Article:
It is important to have strong, evidence-based road safety laws. However, the presence of a good law is not sufficient. It is important to also have sustained, well-resourced law enforcement to help shape road user behaviours and encourage compliance with the law. Road rules will likely only be obeyed if people believe that not obeying them will result in detection and unwanted outcomes like fines or license cancellation.
A Guide to the Use of Penalties to Improve Road Safety advises that the perceived likelihood of being caught and penalized for disobeying road rules should be high. Also, the penalties should be large enough to discourage people from disobeying the rules.
The police who are responsible for enforcing road rules need to be trained and given the tools (such as speed detection and alcohol testing equipment) to do their job properly, and a system should be established to reduce opportunities for corrupt practices (eg to ensure that fines are not taken by police officials for themselves).
The theory behind enforcement and key elements for success
It is generally accepted that enforcement influences road user behaviour through two processes:
- general deterrence
- specific deterrence.
General deterrence occurs when road users obey road rules because they perceive a substantial risk of being detected and punished if they don’t.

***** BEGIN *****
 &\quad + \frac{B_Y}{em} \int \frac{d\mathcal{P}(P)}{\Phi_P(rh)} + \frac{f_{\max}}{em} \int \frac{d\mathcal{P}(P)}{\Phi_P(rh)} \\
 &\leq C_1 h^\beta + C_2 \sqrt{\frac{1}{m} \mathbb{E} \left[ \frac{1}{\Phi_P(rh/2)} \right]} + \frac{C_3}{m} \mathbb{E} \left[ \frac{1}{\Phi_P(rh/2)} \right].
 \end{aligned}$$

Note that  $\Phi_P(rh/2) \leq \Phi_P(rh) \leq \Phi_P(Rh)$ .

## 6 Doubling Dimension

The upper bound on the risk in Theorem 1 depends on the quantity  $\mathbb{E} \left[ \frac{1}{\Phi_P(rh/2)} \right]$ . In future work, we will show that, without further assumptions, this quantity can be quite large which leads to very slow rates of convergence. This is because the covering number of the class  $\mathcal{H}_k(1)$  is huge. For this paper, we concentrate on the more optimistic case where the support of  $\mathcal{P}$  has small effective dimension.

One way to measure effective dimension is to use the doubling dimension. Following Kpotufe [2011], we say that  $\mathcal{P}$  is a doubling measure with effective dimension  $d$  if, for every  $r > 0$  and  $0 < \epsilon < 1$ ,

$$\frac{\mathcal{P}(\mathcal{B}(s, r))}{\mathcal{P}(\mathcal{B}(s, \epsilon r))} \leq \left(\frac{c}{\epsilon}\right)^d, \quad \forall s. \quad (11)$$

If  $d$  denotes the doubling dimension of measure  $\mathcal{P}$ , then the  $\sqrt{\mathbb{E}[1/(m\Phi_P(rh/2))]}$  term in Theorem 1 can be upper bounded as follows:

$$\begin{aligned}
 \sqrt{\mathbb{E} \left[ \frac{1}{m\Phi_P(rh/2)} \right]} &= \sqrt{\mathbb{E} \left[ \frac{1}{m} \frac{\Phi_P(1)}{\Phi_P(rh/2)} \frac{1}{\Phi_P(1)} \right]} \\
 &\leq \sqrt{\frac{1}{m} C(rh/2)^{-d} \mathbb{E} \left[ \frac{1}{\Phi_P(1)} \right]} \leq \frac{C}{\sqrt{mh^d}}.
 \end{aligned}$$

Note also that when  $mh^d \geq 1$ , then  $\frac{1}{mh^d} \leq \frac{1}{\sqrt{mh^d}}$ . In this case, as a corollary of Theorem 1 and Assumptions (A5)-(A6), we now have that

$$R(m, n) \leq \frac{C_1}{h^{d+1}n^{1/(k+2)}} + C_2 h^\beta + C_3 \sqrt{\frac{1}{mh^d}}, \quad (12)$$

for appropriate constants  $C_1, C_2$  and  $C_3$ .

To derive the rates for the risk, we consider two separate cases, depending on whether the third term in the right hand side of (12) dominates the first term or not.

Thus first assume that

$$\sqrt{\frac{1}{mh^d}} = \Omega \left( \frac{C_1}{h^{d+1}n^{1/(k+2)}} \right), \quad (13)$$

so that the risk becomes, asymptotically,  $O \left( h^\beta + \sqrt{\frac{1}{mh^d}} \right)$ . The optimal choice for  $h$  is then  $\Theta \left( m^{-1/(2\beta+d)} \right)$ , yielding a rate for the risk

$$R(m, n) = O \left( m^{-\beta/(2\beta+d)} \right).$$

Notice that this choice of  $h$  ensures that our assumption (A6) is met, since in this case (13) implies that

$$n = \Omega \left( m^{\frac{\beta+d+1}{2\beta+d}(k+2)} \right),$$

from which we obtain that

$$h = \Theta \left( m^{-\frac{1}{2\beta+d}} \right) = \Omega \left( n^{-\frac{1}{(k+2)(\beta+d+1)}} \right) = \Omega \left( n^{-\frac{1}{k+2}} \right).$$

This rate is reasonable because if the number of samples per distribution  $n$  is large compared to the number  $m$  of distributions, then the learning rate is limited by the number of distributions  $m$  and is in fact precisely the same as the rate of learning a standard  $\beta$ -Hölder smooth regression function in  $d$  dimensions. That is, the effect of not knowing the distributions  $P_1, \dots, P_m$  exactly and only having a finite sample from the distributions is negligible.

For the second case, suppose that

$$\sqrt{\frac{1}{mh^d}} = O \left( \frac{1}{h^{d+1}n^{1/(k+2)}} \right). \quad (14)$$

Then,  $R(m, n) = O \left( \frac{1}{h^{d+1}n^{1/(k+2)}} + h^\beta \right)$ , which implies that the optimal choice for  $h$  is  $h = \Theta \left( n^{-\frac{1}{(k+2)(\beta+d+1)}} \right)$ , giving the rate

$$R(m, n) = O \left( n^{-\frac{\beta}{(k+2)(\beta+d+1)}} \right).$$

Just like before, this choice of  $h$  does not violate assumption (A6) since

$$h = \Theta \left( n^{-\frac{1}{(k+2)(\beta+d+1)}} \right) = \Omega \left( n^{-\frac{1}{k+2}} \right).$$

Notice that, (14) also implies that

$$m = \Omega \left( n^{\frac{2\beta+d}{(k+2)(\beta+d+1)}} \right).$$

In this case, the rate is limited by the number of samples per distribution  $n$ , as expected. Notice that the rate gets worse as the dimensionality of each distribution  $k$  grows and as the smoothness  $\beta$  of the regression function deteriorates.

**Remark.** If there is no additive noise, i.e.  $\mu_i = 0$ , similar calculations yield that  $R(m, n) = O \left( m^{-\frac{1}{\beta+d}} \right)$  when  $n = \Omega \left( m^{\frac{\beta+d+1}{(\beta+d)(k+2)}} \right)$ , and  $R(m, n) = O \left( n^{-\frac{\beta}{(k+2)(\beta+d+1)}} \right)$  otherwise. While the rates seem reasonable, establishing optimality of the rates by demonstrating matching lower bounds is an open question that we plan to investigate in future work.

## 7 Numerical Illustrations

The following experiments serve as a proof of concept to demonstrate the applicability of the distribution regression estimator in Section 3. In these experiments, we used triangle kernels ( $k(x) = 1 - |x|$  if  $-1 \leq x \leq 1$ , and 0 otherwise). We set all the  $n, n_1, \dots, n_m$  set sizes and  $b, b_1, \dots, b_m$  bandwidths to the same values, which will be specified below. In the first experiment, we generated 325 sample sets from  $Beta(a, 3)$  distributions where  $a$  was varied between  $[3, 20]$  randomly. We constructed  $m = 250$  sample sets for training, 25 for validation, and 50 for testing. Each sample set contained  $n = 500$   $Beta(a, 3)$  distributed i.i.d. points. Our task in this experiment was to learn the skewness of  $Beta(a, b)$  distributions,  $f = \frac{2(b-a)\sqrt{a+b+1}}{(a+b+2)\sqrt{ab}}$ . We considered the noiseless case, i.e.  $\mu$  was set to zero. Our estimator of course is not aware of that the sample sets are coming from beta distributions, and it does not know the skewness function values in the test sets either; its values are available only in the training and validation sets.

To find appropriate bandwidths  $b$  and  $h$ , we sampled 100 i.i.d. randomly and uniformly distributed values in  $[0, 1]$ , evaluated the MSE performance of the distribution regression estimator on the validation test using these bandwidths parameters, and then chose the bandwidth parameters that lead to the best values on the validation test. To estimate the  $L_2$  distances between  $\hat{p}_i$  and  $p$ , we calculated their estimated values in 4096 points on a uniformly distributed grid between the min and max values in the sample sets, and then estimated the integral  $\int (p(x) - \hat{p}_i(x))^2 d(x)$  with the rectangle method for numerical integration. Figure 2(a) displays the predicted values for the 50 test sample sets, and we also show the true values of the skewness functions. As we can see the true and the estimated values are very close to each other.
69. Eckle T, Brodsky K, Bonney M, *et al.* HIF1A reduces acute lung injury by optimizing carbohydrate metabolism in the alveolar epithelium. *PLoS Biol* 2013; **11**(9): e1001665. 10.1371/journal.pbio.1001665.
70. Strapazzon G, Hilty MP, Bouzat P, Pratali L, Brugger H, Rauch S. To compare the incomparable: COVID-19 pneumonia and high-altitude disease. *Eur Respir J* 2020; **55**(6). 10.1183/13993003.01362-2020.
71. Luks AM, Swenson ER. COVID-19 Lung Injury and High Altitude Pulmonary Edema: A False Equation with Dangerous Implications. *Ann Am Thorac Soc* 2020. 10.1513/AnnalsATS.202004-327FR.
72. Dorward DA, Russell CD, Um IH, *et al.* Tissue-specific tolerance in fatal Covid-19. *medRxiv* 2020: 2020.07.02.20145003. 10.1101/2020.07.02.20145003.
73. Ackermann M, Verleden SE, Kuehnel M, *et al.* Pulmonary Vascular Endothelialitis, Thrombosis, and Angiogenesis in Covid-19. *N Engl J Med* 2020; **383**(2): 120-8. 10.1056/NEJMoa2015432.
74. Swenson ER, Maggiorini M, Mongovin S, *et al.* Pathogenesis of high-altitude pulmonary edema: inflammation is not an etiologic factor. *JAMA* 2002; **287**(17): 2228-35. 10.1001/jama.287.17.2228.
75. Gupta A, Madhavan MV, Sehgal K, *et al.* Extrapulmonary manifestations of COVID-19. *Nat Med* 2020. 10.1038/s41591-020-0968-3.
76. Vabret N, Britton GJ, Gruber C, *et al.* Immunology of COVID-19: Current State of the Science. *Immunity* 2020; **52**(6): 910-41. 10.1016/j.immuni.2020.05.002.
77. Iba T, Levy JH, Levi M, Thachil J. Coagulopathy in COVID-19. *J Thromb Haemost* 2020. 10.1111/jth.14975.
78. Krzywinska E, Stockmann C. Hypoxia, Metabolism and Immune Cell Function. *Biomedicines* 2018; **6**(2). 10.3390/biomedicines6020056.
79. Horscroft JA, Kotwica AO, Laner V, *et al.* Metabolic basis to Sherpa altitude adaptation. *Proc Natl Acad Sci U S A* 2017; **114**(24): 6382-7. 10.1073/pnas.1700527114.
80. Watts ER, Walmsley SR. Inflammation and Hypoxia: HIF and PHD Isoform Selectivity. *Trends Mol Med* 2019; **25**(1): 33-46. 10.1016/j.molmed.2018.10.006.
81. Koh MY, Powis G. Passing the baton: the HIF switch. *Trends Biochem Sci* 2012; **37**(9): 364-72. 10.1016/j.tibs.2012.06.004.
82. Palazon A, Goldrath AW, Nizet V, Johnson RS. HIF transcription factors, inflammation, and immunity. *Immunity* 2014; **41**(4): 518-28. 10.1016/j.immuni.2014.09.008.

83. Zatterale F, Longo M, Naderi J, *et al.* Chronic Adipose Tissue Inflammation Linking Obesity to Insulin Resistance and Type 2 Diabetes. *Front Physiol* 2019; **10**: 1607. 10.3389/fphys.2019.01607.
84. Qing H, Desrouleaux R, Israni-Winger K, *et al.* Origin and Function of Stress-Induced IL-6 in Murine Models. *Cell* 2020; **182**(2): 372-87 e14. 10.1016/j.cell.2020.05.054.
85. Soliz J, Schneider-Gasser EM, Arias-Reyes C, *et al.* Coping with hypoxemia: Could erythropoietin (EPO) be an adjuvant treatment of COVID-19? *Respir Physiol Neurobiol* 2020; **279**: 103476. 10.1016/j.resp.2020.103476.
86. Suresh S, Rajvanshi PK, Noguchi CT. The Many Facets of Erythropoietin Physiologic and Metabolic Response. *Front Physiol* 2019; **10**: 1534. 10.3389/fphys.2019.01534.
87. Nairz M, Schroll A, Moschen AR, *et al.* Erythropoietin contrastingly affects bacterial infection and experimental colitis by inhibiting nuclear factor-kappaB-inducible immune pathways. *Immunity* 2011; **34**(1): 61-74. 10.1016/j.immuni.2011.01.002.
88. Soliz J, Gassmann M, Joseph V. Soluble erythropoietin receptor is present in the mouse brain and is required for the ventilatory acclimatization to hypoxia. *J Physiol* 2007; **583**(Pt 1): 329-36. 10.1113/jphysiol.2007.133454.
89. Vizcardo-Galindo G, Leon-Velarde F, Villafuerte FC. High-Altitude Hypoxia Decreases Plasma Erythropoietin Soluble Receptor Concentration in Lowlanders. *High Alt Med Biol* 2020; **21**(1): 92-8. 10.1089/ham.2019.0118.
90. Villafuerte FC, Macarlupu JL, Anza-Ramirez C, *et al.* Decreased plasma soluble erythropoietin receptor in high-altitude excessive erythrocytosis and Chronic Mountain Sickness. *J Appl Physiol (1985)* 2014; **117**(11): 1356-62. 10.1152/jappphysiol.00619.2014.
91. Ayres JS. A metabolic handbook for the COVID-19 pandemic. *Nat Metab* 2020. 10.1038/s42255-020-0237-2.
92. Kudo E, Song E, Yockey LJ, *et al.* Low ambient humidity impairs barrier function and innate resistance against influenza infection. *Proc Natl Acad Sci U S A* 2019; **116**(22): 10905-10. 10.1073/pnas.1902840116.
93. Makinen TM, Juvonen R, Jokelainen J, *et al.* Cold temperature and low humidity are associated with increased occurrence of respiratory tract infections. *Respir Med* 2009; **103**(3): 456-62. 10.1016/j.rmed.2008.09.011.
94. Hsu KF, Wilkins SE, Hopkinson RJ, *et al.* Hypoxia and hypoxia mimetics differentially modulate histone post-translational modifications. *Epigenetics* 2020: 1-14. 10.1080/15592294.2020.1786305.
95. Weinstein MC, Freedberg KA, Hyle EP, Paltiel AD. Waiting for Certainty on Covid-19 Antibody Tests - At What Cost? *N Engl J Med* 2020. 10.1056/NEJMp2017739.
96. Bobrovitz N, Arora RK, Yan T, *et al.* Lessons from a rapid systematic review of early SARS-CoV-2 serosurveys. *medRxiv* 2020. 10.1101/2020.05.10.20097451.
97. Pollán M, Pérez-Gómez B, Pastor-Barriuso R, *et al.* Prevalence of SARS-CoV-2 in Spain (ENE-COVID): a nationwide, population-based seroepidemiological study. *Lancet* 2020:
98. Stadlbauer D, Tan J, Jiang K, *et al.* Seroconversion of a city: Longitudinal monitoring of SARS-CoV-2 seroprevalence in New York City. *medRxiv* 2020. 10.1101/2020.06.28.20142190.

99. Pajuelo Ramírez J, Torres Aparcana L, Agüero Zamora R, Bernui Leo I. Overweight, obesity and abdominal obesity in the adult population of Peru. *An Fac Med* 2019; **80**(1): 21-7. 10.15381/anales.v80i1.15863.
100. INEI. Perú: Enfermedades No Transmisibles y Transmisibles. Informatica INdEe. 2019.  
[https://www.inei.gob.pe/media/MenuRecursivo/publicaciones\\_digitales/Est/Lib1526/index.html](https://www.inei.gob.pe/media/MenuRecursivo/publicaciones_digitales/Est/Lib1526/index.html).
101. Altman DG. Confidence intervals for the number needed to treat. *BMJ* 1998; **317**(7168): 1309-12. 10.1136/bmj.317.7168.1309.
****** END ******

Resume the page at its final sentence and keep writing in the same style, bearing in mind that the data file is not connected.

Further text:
Specific deterrence occurs when someone who has already broken the rules and received the associated punishment is deterred from future offending behaviour as a result.
Enforcement of road rules should be aimed primarily at creating general deterrence because then it is not necessary for police to catch and punish road users for them to be encouraged to obey the rules. To result in general deterrence, enforcement should be:
- accompanied by widespread publicity
- unpredictable and difficult to avoid
- a mix of highly visible and less visible activities
- continued over a long period of time and well resourced.
Intelligence led policing
To maximise the road safety benefit, enforcement should be aimed at road rule violations that have been proven to increase the likelihood or severity of crashes. Safety benefits can be further increased through intelligence led policing. In road rule enforcement, intelligence led policing involves the use of data (for example, data on when and where crashes are occurring, data on severity factors such as not using seatbelts or helmets, or data on causal factors such as speeding or drink driving) to focus enforcement on the times and places that present the greatest risk.
Targets for enforcement
Some of the many things that can be enforced by traffic police are
- blood alcohol concentration limits (drink driving laws)
- speed limits
- disobeying traffic signals or signs
- seatbelt and child restraint use
- helmet wearing
- driver licensing
- vehicle roadworthiness.
Costs and effectiveness
Enforcement is necessary for road laws to be effective. It is not possible to put a cost on enforcement because the costs and effectiveness will vary dramatically depending upon what enforcement activity is undertaken.
However, based on Norwegian data, speed enforcement, random breath testing (for alcohol) and seatbelt enforcement all have positive benefit/cost ratios.
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